An Amazon warehouse is a flurry of activity. Workers jog around a manmade cavern plopping items into yellow and black crates. Towering hydraulic arms lift heavy boxes toward the rafters. And an army of stubby orange robots slide along the floor like giant, sentient hockey pucks, piled high with towers of consumer gratification ranging from bestsellers to kitchenware.
Those are Kiva robots, once the marvel of warehouses everywhere. Amazon whipped out its wallet and threw down $775 million to purchase these robot legions in 2012. The acquisition effectively gave Jeff Bezos, its 52-year-old chief executive, command of an entire industry. He decided to use the robots for Amazon and Amazon alone, ending the sale of Kiva’s products to warehouse operators and retailers that had come to rely on them. As contracts expired, they had to find other options to keep up with an ever-increasing consumer need for speed. The only problem was that there were no other options. Kiva was pretty much it.
It’s taken four years, but a handful of startups are finally ready to replace Kiva and equip the world’s warehouses with new robotics. Amazon’s Kiva bots proved this kind of automation is more efficient than an all-human workforce. The new robots being rolled out look different, partly because the industry is still experimenting and partly because of patent issues. Some focus on picking items off shelves, others zoom around with touch screens. All are aimed at saving retailers money as they race to get their wares to your doorstep as quickly as possible.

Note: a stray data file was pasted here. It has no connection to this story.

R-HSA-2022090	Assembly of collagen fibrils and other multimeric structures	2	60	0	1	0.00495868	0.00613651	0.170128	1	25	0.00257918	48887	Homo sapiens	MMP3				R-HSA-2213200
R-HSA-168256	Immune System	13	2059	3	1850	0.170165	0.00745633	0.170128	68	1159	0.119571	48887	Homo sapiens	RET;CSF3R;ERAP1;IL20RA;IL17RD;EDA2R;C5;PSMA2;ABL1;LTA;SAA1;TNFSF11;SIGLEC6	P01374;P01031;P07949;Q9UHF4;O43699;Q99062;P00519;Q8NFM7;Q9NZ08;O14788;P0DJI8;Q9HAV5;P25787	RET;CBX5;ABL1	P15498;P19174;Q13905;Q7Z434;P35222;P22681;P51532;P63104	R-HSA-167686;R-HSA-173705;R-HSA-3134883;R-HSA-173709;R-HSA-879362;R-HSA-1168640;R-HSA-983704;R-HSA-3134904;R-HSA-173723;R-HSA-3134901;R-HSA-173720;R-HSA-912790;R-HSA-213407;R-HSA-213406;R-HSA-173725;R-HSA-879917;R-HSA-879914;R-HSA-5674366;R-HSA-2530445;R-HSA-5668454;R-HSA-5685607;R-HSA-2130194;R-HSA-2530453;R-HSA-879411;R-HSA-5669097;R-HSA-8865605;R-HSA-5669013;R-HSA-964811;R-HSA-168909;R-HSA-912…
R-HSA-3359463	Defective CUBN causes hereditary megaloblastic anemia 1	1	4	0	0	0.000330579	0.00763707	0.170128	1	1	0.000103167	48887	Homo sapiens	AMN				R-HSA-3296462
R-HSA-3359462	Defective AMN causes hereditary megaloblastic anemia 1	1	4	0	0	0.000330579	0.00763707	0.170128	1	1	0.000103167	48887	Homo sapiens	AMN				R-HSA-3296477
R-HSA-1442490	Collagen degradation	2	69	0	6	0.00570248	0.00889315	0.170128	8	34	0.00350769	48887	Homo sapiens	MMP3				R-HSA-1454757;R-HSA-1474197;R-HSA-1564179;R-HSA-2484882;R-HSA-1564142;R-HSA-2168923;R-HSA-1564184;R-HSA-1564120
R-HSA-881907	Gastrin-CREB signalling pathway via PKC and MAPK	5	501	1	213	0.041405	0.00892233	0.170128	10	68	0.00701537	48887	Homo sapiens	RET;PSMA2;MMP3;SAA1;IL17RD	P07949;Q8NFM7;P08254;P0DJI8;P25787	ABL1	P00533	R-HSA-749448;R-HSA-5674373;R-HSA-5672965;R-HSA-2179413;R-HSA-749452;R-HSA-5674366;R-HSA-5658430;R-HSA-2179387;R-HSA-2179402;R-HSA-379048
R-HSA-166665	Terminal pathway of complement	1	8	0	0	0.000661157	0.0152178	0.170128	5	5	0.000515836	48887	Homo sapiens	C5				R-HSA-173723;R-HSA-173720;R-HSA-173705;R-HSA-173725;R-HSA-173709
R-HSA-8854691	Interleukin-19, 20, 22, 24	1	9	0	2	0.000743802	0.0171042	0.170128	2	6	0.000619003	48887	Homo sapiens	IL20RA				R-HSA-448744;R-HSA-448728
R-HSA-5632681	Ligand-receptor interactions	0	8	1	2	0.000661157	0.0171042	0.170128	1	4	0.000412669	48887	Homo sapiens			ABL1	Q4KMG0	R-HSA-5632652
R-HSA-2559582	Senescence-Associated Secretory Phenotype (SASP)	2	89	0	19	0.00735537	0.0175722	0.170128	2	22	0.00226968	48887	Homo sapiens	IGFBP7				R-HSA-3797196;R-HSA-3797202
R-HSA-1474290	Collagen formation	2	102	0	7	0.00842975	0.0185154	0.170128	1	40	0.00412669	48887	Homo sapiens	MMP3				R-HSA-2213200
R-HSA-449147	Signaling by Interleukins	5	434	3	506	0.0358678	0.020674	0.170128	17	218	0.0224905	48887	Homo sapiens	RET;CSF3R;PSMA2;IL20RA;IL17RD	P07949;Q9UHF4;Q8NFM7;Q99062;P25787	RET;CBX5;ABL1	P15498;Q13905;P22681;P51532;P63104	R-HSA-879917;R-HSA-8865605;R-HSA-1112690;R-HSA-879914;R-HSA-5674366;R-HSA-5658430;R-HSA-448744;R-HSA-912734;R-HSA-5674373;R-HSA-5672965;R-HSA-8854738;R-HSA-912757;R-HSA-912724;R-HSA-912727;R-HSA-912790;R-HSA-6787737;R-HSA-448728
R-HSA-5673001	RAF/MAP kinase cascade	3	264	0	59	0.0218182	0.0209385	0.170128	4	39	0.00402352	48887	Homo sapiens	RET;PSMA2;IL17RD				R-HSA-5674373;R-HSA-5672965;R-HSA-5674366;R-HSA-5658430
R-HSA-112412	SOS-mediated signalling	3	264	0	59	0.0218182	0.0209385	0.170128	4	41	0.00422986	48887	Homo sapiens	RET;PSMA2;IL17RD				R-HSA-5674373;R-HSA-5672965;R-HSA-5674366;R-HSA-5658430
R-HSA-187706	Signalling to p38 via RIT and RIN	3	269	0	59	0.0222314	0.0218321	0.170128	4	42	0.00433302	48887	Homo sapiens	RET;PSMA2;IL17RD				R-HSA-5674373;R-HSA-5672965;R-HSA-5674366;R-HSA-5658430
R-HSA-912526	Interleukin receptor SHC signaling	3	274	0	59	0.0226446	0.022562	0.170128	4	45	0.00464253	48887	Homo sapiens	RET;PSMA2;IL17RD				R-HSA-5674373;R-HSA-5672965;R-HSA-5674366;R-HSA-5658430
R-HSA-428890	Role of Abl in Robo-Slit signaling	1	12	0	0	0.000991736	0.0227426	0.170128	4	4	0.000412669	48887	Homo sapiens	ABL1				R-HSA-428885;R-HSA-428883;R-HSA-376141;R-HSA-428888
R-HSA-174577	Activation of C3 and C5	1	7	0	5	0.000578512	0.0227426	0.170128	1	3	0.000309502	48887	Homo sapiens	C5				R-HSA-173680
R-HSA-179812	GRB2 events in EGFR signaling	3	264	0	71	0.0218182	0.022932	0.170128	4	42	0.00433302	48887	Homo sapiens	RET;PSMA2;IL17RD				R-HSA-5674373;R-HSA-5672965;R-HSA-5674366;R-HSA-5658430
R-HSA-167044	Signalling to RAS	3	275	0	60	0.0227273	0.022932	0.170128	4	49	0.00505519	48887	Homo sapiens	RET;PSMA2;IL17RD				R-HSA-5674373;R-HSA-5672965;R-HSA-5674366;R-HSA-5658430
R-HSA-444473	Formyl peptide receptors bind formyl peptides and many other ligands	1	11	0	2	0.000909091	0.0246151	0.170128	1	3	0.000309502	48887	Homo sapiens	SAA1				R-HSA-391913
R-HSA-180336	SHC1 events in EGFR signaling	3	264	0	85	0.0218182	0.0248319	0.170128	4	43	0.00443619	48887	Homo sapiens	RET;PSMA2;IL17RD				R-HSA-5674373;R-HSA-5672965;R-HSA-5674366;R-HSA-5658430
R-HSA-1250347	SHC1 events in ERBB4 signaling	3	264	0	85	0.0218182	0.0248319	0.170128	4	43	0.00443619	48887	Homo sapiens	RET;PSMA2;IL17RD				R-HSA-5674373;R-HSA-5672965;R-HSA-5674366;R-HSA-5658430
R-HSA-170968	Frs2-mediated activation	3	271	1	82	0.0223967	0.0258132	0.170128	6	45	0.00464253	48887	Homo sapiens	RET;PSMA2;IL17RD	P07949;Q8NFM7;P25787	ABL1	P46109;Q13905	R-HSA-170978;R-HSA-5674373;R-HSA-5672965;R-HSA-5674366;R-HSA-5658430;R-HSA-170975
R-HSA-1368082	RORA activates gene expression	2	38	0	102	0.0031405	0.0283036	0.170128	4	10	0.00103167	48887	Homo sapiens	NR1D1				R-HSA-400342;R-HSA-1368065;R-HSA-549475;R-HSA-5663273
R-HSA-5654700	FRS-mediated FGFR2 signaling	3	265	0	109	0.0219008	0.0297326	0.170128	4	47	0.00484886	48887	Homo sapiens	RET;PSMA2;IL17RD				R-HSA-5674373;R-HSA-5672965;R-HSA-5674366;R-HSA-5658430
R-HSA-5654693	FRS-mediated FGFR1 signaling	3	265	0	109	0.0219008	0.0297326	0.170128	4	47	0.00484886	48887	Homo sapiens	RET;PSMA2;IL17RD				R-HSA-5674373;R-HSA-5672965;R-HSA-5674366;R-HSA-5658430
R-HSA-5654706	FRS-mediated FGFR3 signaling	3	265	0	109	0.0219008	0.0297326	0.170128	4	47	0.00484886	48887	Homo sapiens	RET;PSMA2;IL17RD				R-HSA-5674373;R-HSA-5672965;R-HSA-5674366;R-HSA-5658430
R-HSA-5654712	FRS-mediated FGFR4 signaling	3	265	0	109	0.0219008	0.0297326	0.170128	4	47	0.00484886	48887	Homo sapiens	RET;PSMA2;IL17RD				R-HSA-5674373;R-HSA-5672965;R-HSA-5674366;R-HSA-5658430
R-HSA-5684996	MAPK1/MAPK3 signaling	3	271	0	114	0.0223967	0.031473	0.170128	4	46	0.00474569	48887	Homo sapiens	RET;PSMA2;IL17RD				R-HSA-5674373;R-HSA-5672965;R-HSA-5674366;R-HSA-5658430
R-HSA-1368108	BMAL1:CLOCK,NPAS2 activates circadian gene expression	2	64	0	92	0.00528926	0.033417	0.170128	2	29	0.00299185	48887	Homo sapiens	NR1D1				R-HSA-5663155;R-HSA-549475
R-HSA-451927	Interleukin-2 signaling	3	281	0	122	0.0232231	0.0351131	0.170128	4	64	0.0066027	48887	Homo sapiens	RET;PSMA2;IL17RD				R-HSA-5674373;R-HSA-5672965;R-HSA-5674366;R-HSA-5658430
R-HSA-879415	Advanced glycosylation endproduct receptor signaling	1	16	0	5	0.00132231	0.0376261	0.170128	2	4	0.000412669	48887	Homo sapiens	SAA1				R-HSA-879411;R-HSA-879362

Amazon has about 30,000 Kiva robots scuttling about its warehouses across the globe. Dave Clark, the retailer’s senior vice president of worldwide operations and customer service, estimated the addition of the bots reduced operating expenses by about 20 percent. According to an analysis by Deutsche Bank, adding them to one new warehouse saves $22 million in fulfillment expenses. Bringing the Kivas to the 100 or so distribution centers that still haven’t implemented the tech would save Amazon a further $2.5 billion.
“To be great in e-commerce, you need to be sophisticated inside the warehouse,” said Karl Siebrecht, chief executive at Flexe, which bills itself as the Airbnb for warehouse space.
. . . .
But it’s really only Amazon that has this kind of technology at scale, thanks in large part to Kiva. The world’s biggest retailers, including Wal-Mart Stores Inc., Macy’s Inc., and Target Corp., have yet to populate their warehouses with widespread robotic systems. They rely on the old method—otherwise known as humans: Hordes of pickers and packers who send boxes down conveyor belts.
. . . .
“I have as no idea if this is as far as Amazon wants to take it,” said Jason Helfstein, an analyst at Oppenheimer & Co. “Do you get into autonomous vehicles? Self-driving trucks?”
. . . .
In June, [Bezos] divulged that Amazon has been working on artificial intelligence for four years and now devotes more than 1,000 staffers to it. “It’s probably hard to overstate how big of an impact it’s going to have on society over next 20 years,” he said.
Link to the rest at Bloomberg and thanks to Matt for the tip.